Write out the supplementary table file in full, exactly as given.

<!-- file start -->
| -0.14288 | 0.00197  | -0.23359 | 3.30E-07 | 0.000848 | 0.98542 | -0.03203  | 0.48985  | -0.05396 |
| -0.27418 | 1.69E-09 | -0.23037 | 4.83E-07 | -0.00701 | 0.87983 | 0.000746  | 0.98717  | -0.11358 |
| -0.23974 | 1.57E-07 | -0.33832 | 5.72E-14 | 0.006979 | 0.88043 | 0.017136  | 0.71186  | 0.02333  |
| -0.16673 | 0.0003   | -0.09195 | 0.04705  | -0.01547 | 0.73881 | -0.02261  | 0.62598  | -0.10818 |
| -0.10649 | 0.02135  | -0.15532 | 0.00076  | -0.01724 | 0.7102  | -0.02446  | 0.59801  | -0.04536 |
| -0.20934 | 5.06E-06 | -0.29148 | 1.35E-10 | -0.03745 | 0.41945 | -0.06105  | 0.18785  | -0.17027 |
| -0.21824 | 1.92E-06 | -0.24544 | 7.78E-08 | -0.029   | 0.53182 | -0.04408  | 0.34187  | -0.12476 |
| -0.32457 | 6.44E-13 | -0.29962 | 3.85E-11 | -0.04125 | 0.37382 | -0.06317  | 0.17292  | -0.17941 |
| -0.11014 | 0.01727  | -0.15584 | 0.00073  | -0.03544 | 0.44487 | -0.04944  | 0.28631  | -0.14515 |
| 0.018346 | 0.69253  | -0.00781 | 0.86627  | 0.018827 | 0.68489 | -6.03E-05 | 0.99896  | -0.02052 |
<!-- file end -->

| -0.14288 | 0.00197  | -0.23359 | 3.30E-07 | 0.000848 | 0.98542 | -0.03203  | 0.48985  | -0.05396 |
| -0.27418 | 1.69E-09 | -0.23037 | 4.83E-07 | -0.00701 | 0.87983 | 0.000746  | 0.98717  | -0.11358 |
| -0.23974 | 1.57E-07 | -0.33832 | 5.72E-14 | 0.006979 | 0.88043 | 0.017136  | 0.71186  | 0.02333  |
| -0.16673 | 0.0003   | -0.09195 | 0.04705  | -0.01547 | 0.73881 | -0.02261  | 0.62598  | -0.10818 |
| -0.10649 | 0.02135  | -0.15532 | 0.00076  | -0.01724 | 0.7102  | -0.02446  | 0.59801  | -0.04536 |
| -0.20934 | 5.06E-06 | -0.29148 | 1.35E-10 | -0.03745 | 0.41945 | -0.06105  | 0.18785  | -0.17027 |
| -0.21824 | 1.92E-06 | -0.24544 | 7.78E-08 | -0.029   | 0.53182 | -0.04408  | 0.34187  | -0.12476 |
| -0.32457 | 6.44E-13 | -0.29962 | 3.85E-11 | -0.04125 | 0.37382 | -0.06317  | 0.17292  | -0.17941 |
| -0.11014 | 0.01727  | -0.15584 | 0.00073  | -0.03544 | 0.44487 | -0.04944  | 0.28631  | -0.14515 |
| 0.018346 | 0.69253  | -0.00781 | 0.86627  | 0.018827 | 0.68489 | -6.03E-05 | 0.99896  | -0.02052 |